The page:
As professional communicators, the majority of us are most comfortable in the C-Communications phase of the RACE (Research – Analyze and Plan – Communicate – Evaluate) Model. C-Communicate is where we get to do all of the fun stuff like grabby tweets, inspiring videos, and cool logos. Our sad reality, though, is that if we don’t do E-Evaluate, we cannot be certain that they worked.
As important as E-Evaluate is, many of us avoid it or give it glancing attention at best. While our reasons vary, one many of us fall prey to is not knowing how to set realistic targets. We get confused between measuring the success of the program or the tool, i.e., how many “likes” for the post, verses what the program or tool was supposed to accomplish – did it change knowledge levels, attitudes or behaviors.
Determining if it changed knowledge levels, attitudes or behaviors requires us knowing what those levels were before we implemented our plan. In the world of performance management, we call this baseline data. Our starting point, our baseline, is considered part of our R-Research step: where our audiences are now versus where we would like them to be.
Baseline data also provides tremendous insight into defining realistic targets for your program. Aiming for 85% satisfaction among the parents in your school district with information they receive on school finance issues takes on a much different scope if your existing satisfaction level is 60% as opposed to 32%. Realizing 90% faculty and staff reporting they feel well informed during a crisis may take a multi-year program if your starting point is less than 25%.
So, how do you find your baseline? Take the counts, whether it be through tracking participation rates, administering surveys, polling for knowledge levels, etc. In addition to giving you that invaluable starting point, baseline data can also offer serendipitous surprises – where you learn things are not as bad as you thought, as well as serious ah-ha moments – where things are way worse than imagined and plans need to be adjusted.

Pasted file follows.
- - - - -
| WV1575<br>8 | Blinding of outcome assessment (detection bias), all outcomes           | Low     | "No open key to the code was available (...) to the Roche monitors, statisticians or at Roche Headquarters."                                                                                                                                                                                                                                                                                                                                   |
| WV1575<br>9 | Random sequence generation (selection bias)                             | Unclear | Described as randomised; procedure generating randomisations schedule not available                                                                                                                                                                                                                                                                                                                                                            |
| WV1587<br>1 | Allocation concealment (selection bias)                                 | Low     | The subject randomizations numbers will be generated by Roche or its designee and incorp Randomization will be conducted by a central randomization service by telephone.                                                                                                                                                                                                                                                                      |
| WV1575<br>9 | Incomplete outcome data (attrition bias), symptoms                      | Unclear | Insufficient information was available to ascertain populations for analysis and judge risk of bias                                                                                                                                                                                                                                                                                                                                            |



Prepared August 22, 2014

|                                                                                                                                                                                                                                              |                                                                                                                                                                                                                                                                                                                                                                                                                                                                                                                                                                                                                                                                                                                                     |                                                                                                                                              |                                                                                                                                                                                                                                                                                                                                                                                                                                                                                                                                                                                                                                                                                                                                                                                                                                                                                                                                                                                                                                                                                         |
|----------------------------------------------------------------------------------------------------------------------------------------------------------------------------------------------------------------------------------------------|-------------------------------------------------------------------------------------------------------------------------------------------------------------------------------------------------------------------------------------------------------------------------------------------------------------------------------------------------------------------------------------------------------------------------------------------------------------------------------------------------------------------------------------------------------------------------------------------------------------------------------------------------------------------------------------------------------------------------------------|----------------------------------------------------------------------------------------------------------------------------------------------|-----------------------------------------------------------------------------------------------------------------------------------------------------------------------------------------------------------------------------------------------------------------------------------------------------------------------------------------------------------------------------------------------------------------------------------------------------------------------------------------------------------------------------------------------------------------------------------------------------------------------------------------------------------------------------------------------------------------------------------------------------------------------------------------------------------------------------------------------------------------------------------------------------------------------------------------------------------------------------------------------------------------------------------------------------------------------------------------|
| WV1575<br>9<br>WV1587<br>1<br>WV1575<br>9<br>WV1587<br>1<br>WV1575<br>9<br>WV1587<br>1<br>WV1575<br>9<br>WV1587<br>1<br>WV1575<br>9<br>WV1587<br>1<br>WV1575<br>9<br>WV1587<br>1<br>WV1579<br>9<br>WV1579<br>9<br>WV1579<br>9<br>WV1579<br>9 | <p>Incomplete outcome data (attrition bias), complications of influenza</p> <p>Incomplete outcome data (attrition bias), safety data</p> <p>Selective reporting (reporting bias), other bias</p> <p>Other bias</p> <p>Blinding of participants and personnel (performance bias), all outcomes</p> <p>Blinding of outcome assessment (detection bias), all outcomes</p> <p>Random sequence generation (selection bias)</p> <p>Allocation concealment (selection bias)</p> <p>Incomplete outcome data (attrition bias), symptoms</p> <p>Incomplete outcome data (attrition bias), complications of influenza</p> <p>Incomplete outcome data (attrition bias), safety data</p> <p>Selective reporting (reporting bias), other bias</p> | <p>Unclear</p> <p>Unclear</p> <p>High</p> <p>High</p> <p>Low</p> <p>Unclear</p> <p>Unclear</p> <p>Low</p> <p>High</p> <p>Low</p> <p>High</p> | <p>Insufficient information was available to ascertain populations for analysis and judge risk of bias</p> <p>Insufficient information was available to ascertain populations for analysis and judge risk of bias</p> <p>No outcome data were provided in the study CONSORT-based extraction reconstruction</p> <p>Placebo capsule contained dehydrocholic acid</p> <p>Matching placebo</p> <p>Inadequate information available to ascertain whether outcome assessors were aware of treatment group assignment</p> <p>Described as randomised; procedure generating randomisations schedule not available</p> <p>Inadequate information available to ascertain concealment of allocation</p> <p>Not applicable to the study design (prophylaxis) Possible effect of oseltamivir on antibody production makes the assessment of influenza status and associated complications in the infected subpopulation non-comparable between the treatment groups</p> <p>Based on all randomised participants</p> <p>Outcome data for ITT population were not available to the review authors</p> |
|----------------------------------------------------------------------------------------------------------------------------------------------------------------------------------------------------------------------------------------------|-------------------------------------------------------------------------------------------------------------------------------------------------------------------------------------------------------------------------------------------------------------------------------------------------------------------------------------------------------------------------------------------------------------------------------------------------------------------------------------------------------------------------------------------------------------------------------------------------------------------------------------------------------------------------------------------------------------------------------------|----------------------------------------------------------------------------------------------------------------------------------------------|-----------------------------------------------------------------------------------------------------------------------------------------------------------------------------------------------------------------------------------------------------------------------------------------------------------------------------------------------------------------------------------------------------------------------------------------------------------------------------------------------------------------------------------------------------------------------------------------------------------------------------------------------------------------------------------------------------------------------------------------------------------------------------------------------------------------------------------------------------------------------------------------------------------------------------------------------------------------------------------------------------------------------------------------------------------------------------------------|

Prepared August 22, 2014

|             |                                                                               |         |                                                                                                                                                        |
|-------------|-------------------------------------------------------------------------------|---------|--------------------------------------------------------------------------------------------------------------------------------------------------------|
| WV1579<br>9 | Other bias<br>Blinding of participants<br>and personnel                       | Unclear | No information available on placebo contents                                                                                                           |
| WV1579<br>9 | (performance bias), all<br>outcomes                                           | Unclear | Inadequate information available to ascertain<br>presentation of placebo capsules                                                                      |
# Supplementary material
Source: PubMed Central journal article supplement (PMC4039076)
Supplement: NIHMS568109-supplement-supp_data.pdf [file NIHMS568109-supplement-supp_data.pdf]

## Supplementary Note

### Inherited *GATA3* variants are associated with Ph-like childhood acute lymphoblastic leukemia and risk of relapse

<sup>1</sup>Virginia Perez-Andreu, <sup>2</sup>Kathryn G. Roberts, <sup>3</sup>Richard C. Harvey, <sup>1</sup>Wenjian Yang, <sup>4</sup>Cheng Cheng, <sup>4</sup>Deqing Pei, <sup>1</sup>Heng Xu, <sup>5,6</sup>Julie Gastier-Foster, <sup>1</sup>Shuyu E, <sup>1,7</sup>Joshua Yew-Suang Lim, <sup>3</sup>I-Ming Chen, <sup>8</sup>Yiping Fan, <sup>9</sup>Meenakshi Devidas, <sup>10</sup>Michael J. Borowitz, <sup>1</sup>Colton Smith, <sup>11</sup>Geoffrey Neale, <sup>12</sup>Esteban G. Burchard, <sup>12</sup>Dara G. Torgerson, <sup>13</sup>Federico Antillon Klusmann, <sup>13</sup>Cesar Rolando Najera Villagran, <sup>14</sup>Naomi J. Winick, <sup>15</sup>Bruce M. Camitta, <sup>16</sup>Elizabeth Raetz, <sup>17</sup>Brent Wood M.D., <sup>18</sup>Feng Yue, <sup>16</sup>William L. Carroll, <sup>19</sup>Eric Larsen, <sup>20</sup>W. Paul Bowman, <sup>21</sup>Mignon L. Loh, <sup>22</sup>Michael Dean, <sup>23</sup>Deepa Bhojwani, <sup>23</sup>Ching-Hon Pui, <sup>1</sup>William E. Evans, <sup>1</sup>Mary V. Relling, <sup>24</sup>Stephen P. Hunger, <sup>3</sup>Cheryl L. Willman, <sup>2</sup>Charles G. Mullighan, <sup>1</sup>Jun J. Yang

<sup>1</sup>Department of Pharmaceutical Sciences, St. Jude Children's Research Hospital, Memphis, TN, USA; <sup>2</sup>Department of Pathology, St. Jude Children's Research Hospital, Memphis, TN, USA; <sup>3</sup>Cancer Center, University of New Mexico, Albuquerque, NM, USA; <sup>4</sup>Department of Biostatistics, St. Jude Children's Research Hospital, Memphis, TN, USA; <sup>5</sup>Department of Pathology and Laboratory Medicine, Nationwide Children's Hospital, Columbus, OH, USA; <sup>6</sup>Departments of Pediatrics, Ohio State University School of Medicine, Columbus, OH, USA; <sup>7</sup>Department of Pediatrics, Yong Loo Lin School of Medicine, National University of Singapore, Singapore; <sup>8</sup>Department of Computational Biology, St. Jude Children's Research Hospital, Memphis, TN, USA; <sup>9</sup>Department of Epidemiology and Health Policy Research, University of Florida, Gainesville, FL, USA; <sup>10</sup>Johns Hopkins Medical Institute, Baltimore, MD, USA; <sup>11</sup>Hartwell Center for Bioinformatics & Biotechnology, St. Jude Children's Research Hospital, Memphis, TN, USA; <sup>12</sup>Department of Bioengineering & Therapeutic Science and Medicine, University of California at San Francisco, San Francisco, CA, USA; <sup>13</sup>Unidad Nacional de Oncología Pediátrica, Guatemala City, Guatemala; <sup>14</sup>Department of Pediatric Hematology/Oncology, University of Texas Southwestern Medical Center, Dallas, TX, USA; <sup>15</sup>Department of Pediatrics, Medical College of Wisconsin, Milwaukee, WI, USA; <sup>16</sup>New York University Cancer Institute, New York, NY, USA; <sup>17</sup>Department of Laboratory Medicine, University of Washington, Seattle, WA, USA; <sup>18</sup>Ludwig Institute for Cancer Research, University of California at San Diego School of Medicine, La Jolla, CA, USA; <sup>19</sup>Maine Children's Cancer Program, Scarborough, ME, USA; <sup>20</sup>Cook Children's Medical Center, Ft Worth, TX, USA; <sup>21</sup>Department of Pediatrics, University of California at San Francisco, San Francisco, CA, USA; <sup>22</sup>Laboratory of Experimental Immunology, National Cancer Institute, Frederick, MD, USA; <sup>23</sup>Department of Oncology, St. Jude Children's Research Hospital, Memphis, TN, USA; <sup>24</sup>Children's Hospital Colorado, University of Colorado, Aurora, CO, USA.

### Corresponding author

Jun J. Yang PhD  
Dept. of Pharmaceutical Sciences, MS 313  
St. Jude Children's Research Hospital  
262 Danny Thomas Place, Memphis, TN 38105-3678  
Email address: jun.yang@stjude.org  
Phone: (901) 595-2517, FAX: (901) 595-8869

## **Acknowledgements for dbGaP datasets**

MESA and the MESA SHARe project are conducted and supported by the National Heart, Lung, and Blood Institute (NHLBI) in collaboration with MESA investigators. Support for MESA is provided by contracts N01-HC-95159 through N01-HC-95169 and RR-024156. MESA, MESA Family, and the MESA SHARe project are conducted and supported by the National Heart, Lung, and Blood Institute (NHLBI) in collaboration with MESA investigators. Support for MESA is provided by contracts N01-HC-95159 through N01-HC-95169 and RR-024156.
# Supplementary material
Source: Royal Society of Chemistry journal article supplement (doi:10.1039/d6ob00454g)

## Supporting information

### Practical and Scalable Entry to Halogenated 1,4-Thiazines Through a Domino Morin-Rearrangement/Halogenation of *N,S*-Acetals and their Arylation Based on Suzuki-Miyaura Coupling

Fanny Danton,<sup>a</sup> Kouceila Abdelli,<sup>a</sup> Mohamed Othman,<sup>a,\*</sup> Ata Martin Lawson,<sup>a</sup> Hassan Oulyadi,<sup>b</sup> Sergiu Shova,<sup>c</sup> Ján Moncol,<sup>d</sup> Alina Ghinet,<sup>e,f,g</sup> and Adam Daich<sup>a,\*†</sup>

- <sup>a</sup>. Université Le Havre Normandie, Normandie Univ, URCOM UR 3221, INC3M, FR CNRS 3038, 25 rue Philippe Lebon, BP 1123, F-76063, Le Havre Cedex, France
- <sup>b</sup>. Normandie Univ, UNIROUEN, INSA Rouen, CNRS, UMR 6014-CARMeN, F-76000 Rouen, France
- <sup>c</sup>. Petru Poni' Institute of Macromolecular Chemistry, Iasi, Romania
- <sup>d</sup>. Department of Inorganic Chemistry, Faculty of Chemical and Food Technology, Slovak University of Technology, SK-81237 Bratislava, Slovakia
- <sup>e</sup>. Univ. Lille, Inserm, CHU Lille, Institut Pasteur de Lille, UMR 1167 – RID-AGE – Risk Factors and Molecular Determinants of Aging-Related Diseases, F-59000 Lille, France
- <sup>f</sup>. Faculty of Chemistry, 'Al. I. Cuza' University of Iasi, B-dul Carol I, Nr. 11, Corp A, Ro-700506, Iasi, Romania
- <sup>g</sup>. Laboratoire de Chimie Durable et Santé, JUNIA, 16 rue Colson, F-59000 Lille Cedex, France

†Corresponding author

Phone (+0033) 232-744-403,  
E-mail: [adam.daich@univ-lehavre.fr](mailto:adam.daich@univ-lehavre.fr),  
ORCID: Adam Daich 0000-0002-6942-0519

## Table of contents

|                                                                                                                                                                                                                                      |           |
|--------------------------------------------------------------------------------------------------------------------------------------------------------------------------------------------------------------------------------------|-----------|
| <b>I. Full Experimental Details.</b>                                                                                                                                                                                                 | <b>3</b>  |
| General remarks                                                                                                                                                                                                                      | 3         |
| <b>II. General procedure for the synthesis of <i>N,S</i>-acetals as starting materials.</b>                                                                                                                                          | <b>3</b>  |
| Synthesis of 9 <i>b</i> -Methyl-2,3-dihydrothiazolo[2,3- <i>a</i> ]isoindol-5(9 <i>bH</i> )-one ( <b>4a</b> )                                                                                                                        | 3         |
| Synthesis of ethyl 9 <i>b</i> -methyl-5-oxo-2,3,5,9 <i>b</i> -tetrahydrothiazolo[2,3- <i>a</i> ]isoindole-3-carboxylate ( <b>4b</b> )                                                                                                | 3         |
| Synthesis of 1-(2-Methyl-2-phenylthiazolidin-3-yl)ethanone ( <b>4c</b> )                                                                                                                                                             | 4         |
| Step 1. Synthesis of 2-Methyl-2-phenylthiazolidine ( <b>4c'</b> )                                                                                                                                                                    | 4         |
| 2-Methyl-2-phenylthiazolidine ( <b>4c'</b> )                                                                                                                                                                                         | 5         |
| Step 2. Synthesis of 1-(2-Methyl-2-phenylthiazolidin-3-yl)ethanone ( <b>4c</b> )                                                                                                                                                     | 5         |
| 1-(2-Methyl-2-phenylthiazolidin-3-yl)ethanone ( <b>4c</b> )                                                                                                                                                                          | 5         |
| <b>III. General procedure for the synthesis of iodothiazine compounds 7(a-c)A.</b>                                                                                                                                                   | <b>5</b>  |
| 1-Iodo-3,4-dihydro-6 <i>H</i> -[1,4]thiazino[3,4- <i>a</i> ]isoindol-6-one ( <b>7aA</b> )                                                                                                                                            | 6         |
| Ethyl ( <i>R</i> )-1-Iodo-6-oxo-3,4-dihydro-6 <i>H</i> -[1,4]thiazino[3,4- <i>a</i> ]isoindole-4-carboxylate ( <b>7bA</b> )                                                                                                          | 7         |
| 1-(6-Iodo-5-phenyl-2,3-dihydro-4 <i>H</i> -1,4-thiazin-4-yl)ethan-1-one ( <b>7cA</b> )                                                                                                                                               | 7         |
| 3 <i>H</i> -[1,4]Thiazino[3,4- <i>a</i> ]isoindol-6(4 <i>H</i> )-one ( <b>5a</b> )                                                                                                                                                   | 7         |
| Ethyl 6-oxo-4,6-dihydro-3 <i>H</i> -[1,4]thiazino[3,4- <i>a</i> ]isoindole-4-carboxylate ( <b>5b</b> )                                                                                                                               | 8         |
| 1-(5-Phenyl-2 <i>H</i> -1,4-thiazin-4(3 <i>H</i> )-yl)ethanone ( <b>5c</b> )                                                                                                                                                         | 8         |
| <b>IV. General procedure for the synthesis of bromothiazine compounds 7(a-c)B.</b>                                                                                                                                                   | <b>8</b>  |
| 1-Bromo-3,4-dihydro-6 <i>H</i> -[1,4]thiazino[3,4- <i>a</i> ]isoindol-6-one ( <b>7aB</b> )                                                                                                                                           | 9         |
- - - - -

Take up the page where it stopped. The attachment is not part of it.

Either way, once you have your baseline, it’s time to “do the math.” A teammate on my daughter’s swim team was on the starting block when the coach came up to her before her 50-yard freestyle race and told her he expected a 25 (seconds) from her. Eyeing him through her goggles, she replied, “Coach, my best time is a 28. Do the math!” For a swimmer to shave that much time from one race to the next is usually not realistic. Similarly, understanding your starting point together with the resources you have available to support your program will help you define what is a realistic improvement over the timeframe you have set.
Goal setting can sometimes feel like “plucking a number out of the sky.” In addition to knowing your starting point, another powerful tool veteran goal-setters use is benchmarking. Comparing your performance to organizations similar to yours helps frame both what is realistic and what is “best in class.”
In a future discussion, we will review how aligning process measures with outcome measures supports goal attainment.
Sandy Cokeley, APR
CEO SCoPE School Surveys
SCoPE School Surveys are online, affordable and easy to administer surveys dedicated to evaluating and informing school communications effectiveness. Contact Sandra Cokeley